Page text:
Low level arsenic found in Pittsford wells near Omya plant

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(Host) For years, neighbors of the Omya manufacturing plant in Pittsford have tried to stop the company from dumping rock in open pits near their homes.

The residents say the waste rock contains material that could contaminate their water supply.

Now neighbors are more concerned because tests have found low levels of arsenic in nearby wells.

VPR’s John Dillon reports:

(Dillon) Omya operates a giant stone crushing plant in the village of Florence in Pittsford.

The company processes marble ore to make calcium carbonate. The white, chalky material is used in a multitude of products, including paper, paint and toothpaste.

But some of the Florence neighbors have complained about noise, air pollution and waste disposal. Omya dumps the leftover material in open pits and quarries on its site.

A citizens group called Residents Concerned about Omya met this week at the Pittsford library to get an update on the waste issue.

(Mears) “The bottom line is that the tests have shown that there is arsenic in the groundwater underneath the site at levels over the EPA standards for arsenic in drinking water.”

(Dillon) The group gets legal assistance from an environmental law clinic at Vermont Law School in South Royalton. Assistant Professor David Mears briefed the neighbors on recent chemistry and hydro-geology studies. The group hired the scientific consultants as part of a federal court case.

(Mears) “And they found arsenic in this well, which is drawing water from underneath what is called the Cane and Drake quarry. And they found arsenic in Well E way down here, headed toward Smith Pond.”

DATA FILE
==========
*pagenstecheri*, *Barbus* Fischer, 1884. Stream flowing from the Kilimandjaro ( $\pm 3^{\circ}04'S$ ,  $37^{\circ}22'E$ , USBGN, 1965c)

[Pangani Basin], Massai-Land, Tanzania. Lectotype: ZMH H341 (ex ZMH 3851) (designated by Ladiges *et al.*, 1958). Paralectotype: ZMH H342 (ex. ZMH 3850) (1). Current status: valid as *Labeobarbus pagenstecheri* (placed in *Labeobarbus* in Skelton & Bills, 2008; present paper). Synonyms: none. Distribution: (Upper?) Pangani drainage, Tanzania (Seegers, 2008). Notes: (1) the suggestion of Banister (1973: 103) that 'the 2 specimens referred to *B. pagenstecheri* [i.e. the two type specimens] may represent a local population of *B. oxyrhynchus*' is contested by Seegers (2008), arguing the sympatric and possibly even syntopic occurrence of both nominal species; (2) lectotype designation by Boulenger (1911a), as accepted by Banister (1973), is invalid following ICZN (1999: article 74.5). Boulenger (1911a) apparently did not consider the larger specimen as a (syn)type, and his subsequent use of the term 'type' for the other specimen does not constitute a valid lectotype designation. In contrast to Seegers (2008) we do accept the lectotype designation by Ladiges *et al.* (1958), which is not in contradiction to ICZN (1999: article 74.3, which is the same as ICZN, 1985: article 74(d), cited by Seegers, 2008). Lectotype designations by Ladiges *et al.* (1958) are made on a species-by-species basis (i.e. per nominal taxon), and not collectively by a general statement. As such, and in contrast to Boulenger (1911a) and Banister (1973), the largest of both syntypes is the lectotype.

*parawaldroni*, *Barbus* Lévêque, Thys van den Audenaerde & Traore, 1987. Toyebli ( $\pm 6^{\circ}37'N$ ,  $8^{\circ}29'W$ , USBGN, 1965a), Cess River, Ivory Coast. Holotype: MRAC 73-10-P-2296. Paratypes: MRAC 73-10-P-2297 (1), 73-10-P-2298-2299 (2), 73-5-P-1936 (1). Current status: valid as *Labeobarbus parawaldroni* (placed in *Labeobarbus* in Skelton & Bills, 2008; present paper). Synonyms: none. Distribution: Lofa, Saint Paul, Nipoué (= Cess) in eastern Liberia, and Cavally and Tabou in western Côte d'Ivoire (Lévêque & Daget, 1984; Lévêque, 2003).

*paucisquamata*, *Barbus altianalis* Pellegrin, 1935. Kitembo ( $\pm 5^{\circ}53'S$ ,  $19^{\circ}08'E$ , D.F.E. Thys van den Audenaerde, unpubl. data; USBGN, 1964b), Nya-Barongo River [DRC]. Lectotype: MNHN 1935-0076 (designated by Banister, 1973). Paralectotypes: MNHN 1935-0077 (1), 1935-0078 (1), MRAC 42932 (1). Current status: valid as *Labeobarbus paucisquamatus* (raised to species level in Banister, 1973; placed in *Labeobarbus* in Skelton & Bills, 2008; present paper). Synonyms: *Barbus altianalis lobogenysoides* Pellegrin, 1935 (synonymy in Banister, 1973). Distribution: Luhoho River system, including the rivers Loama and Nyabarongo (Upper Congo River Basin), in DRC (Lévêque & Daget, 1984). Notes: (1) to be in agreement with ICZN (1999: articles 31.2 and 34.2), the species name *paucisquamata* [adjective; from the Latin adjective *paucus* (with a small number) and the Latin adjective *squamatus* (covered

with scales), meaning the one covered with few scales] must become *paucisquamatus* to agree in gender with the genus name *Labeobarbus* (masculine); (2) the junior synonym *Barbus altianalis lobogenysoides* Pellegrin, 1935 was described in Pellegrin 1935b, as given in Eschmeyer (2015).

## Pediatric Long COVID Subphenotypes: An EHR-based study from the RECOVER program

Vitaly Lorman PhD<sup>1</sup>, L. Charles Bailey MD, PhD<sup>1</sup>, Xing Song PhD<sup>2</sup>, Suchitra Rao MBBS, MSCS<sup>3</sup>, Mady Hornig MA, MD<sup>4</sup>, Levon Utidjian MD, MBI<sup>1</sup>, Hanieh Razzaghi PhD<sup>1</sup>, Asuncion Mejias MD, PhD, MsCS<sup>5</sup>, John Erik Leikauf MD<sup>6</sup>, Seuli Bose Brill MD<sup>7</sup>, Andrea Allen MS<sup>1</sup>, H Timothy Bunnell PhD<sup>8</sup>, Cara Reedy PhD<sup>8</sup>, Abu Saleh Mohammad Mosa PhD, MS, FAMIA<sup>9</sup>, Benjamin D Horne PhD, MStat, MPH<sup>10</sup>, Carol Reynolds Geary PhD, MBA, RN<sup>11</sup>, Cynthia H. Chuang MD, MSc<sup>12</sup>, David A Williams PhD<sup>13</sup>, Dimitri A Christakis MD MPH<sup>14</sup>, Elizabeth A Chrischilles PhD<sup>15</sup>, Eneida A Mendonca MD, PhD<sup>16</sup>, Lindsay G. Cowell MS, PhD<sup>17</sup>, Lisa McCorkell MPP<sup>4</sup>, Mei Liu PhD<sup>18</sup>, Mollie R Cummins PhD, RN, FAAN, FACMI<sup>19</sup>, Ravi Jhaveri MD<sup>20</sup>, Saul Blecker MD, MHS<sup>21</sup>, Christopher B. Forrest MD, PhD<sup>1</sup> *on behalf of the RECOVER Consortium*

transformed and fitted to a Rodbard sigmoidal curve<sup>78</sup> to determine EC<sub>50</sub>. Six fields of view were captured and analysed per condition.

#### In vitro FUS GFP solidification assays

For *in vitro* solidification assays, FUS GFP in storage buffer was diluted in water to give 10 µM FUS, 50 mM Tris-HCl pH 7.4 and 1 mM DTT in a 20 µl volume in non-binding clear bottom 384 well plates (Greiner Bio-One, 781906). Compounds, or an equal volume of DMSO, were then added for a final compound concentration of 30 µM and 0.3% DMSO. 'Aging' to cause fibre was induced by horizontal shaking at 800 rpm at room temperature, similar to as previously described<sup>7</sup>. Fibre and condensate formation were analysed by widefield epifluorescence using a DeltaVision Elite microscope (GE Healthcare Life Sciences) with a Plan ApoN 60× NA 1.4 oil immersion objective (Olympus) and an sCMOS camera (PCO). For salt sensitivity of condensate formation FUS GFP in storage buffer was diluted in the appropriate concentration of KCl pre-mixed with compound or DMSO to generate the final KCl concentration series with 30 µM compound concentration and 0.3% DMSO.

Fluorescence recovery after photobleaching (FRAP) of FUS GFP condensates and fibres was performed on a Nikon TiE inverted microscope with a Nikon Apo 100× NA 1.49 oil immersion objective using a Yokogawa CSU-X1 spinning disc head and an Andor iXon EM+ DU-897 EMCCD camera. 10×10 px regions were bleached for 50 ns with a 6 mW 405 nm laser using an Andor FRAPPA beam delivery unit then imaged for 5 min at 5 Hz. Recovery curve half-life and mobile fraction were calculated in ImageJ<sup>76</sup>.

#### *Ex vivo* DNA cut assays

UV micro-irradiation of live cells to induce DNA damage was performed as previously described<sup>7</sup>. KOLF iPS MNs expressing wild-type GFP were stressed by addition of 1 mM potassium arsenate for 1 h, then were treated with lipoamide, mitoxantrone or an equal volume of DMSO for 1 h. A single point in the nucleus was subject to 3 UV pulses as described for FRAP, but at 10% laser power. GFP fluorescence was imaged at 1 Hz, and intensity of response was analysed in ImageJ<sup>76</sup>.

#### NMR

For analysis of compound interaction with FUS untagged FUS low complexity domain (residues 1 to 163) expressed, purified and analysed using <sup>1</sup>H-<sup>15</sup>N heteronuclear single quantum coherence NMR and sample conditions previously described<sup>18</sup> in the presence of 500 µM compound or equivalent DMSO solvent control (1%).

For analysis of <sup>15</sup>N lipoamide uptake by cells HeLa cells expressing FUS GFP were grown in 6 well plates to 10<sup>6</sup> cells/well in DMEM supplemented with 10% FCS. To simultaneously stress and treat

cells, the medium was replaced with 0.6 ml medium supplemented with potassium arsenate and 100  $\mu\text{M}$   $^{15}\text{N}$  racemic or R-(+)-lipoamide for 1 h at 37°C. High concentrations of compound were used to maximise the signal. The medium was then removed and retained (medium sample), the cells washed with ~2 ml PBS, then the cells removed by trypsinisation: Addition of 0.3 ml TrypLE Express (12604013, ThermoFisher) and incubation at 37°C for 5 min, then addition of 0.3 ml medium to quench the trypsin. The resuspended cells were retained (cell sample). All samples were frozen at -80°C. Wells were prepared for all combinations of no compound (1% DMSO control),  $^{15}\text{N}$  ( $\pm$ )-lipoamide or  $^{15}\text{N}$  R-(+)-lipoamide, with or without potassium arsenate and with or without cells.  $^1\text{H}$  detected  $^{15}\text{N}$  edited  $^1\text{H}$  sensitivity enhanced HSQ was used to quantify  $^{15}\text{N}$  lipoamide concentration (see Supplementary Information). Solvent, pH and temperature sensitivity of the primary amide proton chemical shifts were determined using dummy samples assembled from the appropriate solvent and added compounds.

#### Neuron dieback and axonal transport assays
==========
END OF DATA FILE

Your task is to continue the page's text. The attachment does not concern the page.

(Dillon) Arsenic is a naturally occurring element that is considered a human health risk and suspected carcinogen. The EPA set the arsenic safety threshold in drinking water at 10 parts per billion to protect the public against long-term exposure. Two of the Omya wells had concentrations just above that threshold, while a third showed levels that were slightly below the EPA standard.

Umbert Rosato lives in Florence near the Omya plant. He wants the waste pits closed or sealed so nothing can leach through to the groundwater.

(Rosato) “Why don’t they just fix the problem? They know what the problem is, for example line the pits. Get it done with. Last thing I want to see is any business close down. It’s nice to have a business in town. But if you’re going to do it, do it clean.”

(Dillon) Jim Reddy is Omya’s president of North America operations. He points out that no one gets their drinking water from the wells where arsenic was found. And he says the EPA recently imposed stricter safety standards for arsenic.

(Reddy) “Most of the wells were extremely low levels, well under the new standards. And even the highest level that I saw that was determined was 12. The drinking water standard up until last year was 50. So it was well below the standard that existed up until recently when they just lowered the standard to 10.”

(Dillon) Reddy said the company does not use arsenic in its manufacturing. And he questioned whether the arsenic that was found comes from background sources in the rock.

(Reddy) “It occurs in most drinking water supplies. And it’s up to people with a little more expertise than me to figure out if it’s just the natural background in the ground, or what it is.”

(Dillon) Pat Parenteau, who directs the law school’s environmental law clinic, said the consultants investigated that question. Parenteau said the scientists did not find arsenic in the background environment. But he said they did find it in the rock waste piles near the wells.

(Parenteau) “It is in the tailings. It is in the groundwater. They’ve explained the mechanism by which it gets from the tailings to the groundwater. They’ve covered every angle you can think of to say this is the only explanation for why the groundwater is contaminated.”

(Dillon) Environmental Conservation Commissioner Jeffrey Wennberg said he just got the test results this week. He said he has not determined if the results will affect state regulation of Omya’s waste site.

For Vermont Public Radio, I’m John Dillon.

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